The animal’s shoddy coat, uniform nail wear and well-fed gut, she said, all indicated the canine was a domestic pet.
The animal’s origins have significant implications for the state. If the animal was indeed a wild wolf migrating from an existing pack in southern Quebec, it would signal the reappearance of an animal extirpated from the state in the 1800s.
“We’re really interested in trying to determine the origin of large canids when they turn up in New England,” said Kim Royar, a wildlife biologist with the Vermont Fish & Wildlife Department. “If it turns out, like the lab suggested, that this animal is of domestic origin, then basically we would assume it had been released into the wild by somebody who had bred it for sale. What we’re interested in is documenting whether there is movement of wolves from wild populations … in eastern Canada down to New England.”
Royar said the state has no evidence that such movement has occurred, though reports of wild wolves in Maine and New Hampshire suggest wolf populations may be crossing into the northeastern United States.
Michael Amaral, endangered species specialist for the U.S. Fish and Wildlife Service, said the discovery should signal a warning to hunters in the state. The wolf is protected by the federal Endangered Species Act and hunters who shoot them, mistakenly or intentionally, he said, face stiff fines.
“Gray wolves, even if they are of captive origin, are a protected species,” Amaral said. “I think the important message for Vermont’s hunters is it’s not beyond the realm of possibility that wolves can get to northern Vermont from existing wolf populations in Canada.”
Charlie Hammond, the man who shot the wolf in Troy, won’t be prosecuted, according to Amaral.
“Because it appears that this animal was of domestic origin … and other circumstances, we are not prosecuting in this case,” Amaral said.
Steve Mcleod is executive director of the Vermont Traditions Coalition, an organization that lobbies on behalf of hunters, farmers and other groups opposed to the reintroduction of the gray wolf to Vermont. He said a resurgence of the animal in the state would signal the decline of deer populations.
“There would be a deer slaughter that would result,” Mcleod said. “The white tail deer is the signature species of Vermont and it would really drastically change the balance of deer in the state over time.”
Austin said the department will have to pinpoint the origin and genetic makeup of the animal before it can fully understand the implications the discovery has for Vermont.
“What we haven’t done is ask an objective wildlife genetics expert … to help us understand what all this information now means to us,” Austin said. “What are the implications of that to wildlife conservation in Vermont? We’re going to work hard to get those answers.”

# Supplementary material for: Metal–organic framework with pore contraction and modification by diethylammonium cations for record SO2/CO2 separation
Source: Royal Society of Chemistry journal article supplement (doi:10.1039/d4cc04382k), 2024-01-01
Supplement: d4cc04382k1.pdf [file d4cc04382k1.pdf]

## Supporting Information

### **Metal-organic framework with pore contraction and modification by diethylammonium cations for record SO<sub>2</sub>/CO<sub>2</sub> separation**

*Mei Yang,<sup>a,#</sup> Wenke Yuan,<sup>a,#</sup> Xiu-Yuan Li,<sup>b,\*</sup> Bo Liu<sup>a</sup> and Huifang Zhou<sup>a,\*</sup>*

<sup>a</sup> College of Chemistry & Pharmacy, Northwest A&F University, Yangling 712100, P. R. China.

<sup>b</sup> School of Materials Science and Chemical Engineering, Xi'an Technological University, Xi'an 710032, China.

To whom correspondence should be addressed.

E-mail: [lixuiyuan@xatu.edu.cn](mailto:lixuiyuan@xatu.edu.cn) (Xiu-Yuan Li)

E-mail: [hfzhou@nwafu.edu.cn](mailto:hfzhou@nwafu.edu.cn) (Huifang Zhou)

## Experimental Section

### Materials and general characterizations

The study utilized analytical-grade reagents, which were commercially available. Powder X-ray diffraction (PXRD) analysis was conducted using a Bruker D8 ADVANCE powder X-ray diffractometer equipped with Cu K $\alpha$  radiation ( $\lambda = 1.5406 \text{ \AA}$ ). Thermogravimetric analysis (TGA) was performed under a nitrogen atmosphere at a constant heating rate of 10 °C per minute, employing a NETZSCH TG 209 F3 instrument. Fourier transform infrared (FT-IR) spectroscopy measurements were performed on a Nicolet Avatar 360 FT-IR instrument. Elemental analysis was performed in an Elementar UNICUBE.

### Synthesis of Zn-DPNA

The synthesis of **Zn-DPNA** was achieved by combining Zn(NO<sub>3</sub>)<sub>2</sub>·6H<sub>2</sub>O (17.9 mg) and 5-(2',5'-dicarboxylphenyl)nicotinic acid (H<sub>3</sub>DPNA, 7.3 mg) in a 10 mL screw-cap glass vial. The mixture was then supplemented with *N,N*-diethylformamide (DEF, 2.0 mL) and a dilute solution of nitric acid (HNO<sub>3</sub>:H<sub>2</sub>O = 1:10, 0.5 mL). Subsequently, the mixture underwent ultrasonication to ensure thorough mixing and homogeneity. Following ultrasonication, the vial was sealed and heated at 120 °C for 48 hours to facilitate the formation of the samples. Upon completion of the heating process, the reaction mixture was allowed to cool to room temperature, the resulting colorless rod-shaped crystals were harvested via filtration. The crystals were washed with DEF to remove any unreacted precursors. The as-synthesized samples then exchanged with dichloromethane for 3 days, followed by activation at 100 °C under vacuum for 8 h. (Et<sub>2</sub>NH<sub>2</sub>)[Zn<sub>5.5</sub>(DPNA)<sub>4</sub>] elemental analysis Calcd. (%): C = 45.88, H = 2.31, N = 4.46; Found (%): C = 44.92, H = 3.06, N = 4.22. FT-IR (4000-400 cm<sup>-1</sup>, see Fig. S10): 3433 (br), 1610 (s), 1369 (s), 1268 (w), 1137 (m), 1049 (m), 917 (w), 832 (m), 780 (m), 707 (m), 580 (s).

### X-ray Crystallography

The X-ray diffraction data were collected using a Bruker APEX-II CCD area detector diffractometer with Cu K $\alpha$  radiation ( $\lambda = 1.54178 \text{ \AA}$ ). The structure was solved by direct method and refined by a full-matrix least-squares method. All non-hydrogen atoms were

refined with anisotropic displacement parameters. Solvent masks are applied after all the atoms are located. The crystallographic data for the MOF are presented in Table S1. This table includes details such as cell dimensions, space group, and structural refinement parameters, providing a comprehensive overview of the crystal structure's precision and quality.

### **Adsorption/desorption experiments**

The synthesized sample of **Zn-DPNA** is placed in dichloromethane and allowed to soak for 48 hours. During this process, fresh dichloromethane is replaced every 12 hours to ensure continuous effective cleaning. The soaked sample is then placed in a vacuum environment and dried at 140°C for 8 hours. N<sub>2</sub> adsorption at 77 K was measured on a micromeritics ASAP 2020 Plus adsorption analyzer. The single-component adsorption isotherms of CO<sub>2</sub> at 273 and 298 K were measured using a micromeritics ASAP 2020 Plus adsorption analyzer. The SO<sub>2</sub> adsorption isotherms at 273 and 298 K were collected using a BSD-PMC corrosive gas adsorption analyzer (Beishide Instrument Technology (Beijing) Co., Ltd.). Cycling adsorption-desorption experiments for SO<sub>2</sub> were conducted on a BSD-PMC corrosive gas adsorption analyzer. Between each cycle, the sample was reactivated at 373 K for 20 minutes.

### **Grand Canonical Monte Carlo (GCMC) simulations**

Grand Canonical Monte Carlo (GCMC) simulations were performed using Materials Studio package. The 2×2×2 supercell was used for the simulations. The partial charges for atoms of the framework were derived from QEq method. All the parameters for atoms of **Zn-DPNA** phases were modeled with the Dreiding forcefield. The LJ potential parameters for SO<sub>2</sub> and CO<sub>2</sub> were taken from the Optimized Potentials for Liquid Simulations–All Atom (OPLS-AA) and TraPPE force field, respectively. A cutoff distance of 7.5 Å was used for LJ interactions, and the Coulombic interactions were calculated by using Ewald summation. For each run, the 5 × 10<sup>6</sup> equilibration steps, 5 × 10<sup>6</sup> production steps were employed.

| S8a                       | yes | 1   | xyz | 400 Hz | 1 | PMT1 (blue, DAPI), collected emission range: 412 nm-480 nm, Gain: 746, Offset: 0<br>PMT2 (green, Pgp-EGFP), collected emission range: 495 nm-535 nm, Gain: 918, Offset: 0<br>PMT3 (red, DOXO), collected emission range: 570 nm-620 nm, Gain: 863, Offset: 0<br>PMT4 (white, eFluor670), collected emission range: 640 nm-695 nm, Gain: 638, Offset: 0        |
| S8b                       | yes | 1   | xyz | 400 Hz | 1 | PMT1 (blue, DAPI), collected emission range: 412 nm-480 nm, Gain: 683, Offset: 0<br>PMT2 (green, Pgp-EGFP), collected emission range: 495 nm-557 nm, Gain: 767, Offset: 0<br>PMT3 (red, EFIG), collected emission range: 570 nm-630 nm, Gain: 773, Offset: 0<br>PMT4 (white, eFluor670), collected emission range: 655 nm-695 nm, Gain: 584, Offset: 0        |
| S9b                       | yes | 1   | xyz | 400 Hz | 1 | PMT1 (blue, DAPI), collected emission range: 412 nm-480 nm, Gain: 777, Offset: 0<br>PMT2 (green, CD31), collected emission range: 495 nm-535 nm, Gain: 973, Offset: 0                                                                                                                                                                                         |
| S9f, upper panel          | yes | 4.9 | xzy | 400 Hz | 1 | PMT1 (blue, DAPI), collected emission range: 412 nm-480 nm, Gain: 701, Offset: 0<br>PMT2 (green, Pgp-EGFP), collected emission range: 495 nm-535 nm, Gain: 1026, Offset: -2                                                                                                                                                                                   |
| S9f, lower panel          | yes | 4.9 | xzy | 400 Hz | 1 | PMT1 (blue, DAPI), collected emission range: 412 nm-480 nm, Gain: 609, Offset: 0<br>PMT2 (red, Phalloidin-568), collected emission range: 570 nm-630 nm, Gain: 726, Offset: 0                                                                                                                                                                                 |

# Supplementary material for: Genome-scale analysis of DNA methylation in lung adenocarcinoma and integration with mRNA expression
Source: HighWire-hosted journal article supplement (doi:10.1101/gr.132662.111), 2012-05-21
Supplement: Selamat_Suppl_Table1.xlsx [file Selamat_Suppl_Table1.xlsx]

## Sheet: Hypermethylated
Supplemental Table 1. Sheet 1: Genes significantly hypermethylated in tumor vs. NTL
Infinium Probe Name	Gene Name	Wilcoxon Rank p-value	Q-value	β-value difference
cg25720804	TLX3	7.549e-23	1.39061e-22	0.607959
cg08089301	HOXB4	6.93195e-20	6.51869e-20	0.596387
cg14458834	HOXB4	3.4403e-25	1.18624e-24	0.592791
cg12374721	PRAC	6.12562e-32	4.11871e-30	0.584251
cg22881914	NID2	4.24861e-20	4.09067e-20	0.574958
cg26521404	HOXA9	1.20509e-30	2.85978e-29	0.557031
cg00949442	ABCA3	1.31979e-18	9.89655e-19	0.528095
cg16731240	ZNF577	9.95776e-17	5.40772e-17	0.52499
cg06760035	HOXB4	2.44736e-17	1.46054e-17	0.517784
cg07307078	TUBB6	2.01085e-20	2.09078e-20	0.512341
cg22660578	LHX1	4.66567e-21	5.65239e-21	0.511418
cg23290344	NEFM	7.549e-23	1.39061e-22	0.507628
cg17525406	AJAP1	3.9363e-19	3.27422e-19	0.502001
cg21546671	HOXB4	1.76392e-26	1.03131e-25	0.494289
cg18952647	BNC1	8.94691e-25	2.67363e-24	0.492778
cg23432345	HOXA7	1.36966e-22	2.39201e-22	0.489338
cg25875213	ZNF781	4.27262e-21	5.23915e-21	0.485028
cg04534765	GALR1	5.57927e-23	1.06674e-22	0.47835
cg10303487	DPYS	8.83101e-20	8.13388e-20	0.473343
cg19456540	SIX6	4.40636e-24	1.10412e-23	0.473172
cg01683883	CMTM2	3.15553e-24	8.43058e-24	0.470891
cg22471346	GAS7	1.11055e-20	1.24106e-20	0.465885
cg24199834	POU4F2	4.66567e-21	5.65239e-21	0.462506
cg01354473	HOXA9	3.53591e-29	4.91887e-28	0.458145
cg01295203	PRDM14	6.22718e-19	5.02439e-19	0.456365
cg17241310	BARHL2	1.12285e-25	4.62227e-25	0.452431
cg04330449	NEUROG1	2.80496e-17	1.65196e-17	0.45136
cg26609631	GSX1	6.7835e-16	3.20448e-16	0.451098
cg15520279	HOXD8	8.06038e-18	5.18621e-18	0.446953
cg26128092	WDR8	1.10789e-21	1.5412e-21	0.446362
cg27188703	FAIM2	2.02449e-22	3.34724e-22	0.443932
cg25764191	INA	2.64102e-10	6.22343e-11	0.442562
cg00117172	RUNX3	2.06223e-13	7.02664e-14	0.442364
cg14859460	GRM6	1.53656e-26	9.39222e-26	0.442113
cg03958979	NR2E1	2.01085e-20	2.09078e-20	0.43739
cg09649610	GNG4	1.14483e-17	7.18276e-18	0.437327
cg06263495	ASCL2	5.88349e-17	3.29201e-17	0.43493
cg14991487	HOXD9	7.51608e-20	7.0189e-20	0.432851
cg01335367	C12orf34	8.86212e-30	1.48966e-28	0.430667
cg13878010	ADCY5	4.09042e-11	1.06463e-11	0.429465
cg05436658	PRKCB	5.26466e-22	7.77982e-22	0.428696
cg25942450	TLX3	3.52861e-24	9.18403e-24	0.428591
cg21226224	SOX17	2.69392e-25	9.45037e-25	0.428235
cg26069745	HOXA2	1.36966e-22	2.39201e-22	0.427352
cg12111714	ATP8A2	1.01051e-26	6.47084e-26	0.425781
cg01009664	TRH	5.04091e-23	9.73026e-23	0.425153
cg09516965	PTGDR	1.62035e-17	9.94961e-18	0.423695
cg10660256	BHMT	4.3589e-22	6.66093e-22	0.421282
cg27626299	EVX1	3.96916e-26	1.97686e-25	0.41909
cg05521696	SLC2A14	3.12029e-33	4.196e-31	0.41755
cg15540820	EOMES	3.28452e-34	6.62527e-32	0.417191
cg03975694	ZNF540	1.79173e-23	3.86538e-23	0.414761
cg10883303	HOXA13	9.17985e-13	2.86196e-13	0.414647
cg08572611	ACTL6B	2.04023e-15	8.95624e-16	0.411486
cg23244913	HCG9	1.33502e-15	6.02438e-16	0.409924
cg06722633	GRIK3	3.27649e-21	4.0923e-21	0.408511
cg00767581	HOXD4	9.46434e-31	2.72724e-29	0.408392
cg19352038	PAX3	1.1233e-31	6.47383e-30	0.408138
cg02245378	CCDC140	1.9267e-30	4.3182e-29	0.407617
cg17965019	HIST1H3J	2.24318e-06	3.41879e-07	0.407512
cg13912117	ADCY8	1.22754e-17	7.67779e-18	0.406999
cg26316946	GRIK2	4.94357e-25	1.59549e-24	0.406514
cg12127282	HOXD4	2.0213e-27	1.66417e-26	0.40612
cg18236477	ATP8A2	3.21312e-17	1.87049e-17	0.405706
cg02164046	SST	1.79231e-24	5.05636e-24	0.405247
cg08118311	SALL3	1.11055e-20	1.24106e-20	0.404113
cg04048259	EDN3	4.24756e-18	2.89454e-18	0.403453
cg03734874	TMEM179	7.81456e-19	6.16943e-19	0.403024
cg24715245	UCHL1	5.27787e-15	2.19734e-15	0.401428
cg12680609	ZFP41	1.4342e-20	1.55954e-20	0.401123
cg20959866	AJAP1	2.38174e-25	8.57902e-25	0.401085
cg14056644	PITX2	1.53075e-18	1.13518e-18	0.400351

A 72 lb. (32.66 kg.) canine was shot in Glover, Vermont in 1997. DNA testing found it was of Gray wolf (Canis lupus) mixed with possibly coyote and domestic dog.
Reports of sightings of unfamiliar canines in Androscoggin County, Maine go back to 1991, and just over a year ago a canine thought to fit the descriptions found in previous accounts killed by an automobile on Route 4 in that county was photographed.
The event was near the village of Bokonbayevo, some 186 miles east of the capital Bishkek, August 24, 2007. More then 20 hunters with dogs and eagles took part. The slideshow illustrates exhibitions of hunting with Taigans and Golden Eagles using domesticated wolves as the quarry. The Salburun (hunting) festival has been held annually since 1997.
THIEF RIVER FALLS, Minn.-
Mike Olson had been working under his dad’s deck for about 20 minutes when he realized he wasn’t alone. “I cocked my head back, and I saw those two eyes looking at me,” Olson said of the Monday encounter. “I got out real fast.”
Olson had seen what he thought was a gray wolf (Canis lupus -JDZ). “It was probably 6 feet away,” he said. “It was just laying down. It had its head up and was just looking at me.”
Olson and his dad, Erling, called the police, who responded expecting to find a large, wolf-like dog beneath the deck.
“They put their head under the deck, and sure enough, it was a wolf,” said Craig Mattson, deputy chief for the Thief River Falls Police Department.
Police and the city’s animal control officer were unable to put a noose around the wolf’s neck and capture it alive, Mattson said. He said the animal had been growling and appeared to have mange, a parasitic infestation of the skin. So, a section of planking was removed and an officer shot the 104-pound male wolf, Mattson said.
It’s the first time Mattson can remember a wolf in town.
As for Olson, he cautiously went back to work on the deck Tuesday.
Darren Naish reviews evidence suggesting that the conventional view that domestic dogs descend from a number of independently-domesticated wolf populations is wrong. Recent studies suggest that domestic dogs more probably descend from an ancestral form much closer to pariah dogs, the semi-domesticated and feral dogs of the Old World tropics.